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  • Excellent- I'm glad you aren't revulsed by the language, as so many experienced polyglots seem to be! Learning Esperanto was actually the experience that sparked my interest in foreign languages, and I've never regretted it. I'd say that 1000 native speakers is a fairly conservative estimate... even here in Canada, a country which is practically devoid of speakers compared to Europe, I've been introduced to three Esperanto-speaking families, each with two-three children.

  • Mi ne pensas ke oni povas vere ekfluparoli Esperanton en unu semajno. Nu, eble, se oni studus la tutan semajnon sen halti... Sed mi ja dubas tion.

  • There is nothing I find more motivational than someone telling me I can't do it. :)

  • I don't personally know anyone who speaks Esperanto. In fact, most people I know have never even heard of it. However, it didn't take long on Google to find an Esperanto Society here in Chicago. So there is certainly the possibility of that.
    As for being turned off by Esperanto, I can't imagine anyone who loves languages being turned off by something so cool. I am, however, still on the side of those who think it's superfluous. I can't conceive of a use for a language that I have a 0.01% chance of ever encountering in life, which is what Esperanto will be as long as it has no geographical ties. Still, I'm going to try learning it for one week. And if my doubts are proven wrong, maybe I'll learn more.

  • Well, fine, walk your talk then. :)
    We could have an Internet conversation afterwards to see how much you have learned. Italian won't suffer from your week off and as it is suggested that knowing Esperanto speeds up learning other languages, if that is true, it will even gain from it.

  • Lyzazel, estas laŭ mi ofte miskomprenata la ideo ke esperanto akcelas la lernadon de fremdaj lingvoj. La lingvo ne karakteriĝas de ia neordinara potenco kiu transformas la lernanton en virtuozon poliglotan... tio, kion vere asertas la sciencesploroj estas ke kiam junaj lernantoj - plejparte infanaĝaj - regas la rudimentojn de esperanto antaŭ ol pasi al la studado de nacia lingvo (ekz. la franca) ili sentas sin pli spertaj kaj kompetentaj rilate la fundamentajn principojn kaj teĥnikon de lingvolernado.
    Ĉiu lingvo, ne nur Esperanto, povus egale bone servi tiucele. Tamen, Esperanto ja permesas al novuloj kiuj neniam antaŭe atingis altan nivelon en fremda lingvo akiri la memfidon daŭrigi al aliaj *dum malpli da tempo ol per nacia lingvo*. Do la valoro de Esperanto estas sentata maksimume ĉe unulingvuloj.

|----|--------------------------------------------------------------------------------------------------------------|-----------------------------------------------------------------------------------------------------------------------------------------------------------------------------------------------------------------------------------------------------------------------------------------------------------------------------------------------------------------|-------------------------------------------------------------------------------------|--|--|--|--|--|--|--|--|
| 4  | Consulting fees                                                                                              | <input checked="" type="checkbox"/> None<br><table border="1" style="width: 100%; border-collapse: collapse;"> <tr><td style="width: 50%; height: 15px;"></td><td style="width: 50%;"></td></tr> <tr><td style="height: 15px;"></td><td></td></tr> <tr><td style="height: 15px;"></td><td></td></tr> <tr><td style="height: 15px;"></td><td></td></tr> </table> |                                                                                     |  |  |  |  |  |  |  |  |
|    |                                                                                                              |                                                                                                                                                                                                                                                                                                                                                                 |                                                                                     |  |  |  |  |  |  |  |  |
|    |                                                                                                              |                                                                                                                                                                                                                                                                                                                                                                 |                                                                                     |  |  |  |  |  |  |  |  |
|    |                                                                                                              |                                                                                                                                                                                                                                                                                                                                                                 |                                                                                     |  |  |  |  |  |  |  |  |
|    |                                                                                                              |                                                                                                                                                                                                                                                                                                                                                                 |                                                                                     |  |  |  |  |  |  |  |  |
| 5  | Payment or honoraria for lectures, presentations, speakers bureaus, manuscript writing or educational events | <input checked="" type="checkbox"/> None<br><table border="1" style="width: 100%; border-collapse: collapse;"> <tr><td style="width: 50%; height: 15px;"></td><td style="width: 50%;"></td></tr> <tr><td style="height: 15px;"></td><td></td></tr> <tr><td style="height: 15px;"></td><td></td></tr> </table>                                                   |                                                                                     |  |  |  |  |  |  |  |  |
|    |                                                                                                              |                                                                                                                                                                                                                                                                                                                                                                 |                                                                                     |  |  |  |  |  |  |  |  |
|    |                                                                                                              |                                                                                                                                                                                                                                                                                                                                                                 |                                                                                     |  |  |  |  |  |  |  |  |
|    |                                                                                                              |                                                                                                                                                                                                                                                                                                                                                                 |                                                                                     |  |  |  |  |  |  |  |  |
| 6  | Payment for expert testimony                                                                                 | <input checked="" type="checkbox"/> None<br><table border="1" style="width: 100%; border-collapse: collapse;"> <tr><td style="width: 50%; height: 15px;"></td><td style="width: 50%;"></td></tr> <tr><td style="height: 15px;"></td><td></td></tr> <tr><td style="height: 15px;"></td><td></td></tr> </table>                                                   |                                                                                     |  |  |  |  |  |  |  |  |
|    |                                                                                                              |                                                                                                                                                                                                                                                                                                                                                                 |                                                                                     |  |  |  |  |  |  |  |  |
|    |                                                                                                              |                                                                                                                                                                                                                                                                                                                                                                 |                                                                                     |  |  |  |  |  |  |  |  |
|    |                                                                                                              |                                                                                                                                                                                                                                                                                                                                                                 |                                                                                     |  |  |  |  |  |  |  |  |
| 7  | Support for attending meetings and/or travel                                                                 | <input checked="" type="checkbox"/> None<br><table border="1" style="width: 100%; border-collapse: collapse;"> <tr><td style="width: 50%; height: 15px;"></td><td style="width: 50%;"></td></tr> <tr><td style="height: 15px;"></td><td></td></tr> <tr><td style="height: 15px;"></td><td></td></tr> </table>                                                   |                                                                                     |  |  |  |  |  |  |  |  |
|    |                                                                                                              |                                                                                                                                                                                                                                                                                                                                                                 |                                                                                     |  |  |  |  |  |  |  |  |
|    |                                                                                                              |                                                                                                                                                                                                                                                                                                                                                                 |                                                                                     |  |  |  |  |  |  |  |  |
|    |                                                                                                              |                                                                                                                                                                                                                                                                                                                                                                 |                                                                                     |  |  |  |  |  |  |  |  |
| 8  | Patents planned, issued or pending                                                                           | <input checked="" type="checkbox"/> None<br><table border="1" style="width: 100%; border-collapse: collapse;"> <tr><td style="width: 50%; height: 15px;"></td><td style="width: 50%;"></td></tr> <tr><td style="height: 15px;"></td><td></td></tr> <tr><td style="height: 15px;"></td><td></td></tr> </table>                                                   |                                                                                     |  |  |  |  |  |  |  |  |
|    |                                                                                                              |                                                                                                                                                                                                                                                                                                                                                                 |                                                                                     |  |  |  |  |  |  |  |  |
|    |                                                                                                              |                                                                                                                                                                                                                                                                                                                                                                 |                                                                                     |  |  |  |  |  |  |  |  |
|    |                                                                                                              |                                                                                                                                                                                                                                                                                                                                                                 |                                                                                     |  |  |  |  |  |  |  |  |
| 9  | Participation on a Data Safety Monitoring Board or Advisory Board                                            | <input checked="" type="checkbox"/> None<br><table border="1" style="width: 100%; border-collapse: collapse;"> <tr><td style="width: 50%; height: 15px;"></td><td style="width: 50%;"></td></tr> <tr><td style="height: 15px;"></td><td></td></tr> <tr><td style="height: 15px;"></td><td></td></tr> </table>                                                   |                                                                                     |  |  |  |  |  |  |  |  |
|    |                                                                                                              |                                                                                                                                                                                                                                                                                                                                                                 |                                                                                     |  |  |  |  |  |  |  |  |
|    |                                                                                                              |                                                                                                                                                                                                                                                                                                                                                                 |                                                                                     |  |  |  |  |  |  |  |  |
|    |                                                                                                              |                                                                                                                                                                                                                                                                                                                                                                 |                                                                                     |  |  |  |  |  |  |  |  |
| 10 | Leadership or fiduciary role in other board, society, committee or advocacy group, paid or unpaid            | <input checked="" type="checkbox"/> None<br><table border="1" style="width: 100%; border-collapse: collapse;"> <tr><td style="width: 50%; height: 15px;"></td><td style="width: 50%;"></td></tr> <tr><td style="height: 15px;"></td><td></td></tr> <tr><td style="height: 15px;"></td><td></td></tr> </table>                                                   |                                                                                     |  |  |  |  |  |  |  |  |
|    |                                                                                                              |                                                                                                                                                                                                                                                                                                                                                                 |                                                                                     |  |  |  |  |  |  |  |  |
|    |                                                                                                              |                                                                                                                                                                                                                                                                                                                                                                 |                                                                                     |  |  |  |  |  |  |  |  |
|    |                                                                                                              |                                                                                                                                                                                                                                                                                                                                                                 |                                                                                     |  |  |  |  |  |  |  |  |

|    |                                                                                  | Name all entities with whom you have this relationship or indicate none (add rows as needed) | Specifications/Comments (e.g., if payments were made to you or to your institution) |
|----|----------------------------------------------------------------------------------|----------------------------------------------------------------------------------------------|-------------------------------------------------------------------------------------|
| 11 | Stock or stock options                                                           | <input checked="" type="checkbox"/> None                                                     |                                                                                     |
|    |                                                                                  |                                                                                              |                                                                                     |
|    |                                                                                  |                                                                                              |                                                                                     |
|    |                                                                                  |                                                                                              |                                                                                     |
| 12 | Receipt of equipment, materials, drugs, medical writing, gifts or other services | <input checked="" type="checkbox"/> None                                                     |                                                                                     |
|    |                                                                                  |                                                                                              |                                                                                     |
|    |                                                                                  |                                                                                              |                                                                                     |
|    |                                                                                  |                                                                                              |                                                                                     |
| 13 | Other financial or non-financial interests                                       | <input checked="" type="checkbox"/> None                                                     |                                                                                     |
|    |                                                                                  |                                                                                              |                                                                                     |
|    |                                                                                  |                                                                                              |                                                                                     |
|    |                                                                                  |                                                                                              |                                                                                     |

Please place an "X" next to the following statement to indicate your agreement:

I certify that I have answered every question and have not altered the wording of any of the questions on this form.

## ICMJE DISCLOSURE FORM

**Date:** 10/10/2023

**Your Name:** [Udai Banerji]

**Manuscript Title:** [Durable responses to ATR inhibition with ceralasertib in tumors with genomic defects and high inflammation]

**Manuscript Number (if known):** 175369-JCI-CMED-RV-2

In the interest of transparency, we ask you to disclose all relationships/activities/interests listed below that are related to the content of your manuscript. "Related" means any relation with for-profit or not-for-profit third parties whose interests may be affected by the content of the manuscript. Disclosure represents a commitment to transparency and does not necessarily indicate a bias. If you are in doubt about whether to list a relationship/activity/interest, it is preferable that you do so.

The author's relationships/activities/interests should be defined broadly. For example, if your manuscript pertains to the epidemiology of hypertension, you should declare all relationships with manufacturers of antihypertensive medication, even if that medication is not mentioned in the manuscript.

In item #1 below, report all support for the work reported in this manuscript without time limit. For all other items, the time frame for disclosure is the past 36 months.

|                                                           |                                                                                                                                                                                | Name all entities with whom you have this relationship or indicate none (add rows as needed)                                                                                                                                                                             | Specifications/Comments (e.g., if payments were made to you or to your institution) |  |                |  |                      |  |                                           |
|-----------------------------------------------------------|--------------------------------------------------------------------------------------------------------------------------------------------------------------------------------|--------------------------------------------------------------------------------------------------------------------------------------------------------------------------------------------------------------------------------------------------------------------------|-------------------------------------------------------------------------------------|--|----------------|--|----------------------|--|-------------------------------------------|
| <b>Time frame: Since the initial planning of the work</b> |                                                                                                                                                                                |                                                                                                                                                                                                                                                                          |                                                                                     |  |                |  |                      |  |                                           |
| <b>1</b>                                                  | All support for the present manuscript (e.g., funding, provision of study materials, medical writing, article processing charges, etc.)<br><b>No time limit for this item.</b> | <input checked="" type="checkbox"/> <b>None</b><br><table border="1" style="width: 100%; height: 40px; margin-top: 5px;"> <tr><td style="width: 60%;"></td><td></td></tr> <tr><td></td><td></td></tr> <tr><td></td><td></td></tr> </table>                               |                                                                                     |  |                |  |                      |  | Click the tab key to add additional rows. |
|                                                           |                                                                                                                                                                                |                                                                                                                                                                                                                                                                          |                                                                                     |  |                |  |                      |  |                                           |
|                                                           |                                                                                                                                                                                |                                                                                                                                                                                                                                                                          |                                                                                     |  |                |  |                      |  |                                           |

Por lernanto tia, kia estas the Yearlyglot, Esperanto certe ne transdonos iun lertecon pri lingvolernado kiun li ne jam posedas. Tamen, se li bonŝancos, li trafos novan vidpunkton pri la hodiaŭa stato de la esperanta komunumo, kaj iusence inversigos sian pensmanieron rilate la supozeblan 'senutilecon' de la lingvo pro manko de adeptoj.

  • *karakteriziĝas, pardonu

  • *...akiri la memfidon antaŭeniri al aliaj..." My apologies again. Checking for errors before posting is a skill I am in the process of acquiring.

  • I'm fascinated by Esperanto though I haven't actually tried to learn it yet. I am eager to see how well you are doing after a week!
    The text posted by Benjameno above seems almost readable to me, just based on the English and the little bit of Spanish that I know, though I have no idea what it should sound like.

  • Bonvenon, tre bona ideo!
    Welcome, very good idea!

  • Honestly, after one solid day I am feeling like this is quite possible. I may be proven wrong in the end, but so far I feel like I'm farther with Esperanto after one day than I had been with any other language after a month. To me, six more days with that kind of progress should be enough for basic fluency!

  • Thank you!

  • Tio, kion vi diras, faras sencon. Ankaŭ al mi tiu aserto, ke Esperanto akcelas alilingvlernadon, neniam ŝajnis tre kredebla.

  • Mi akordas ankaŭ, sed konfido naskas konfidon - eble esperanto estas bona por ies unua lingvo. Mi ankoraŭ pensas ke hispana lingvo estas pli bona. :)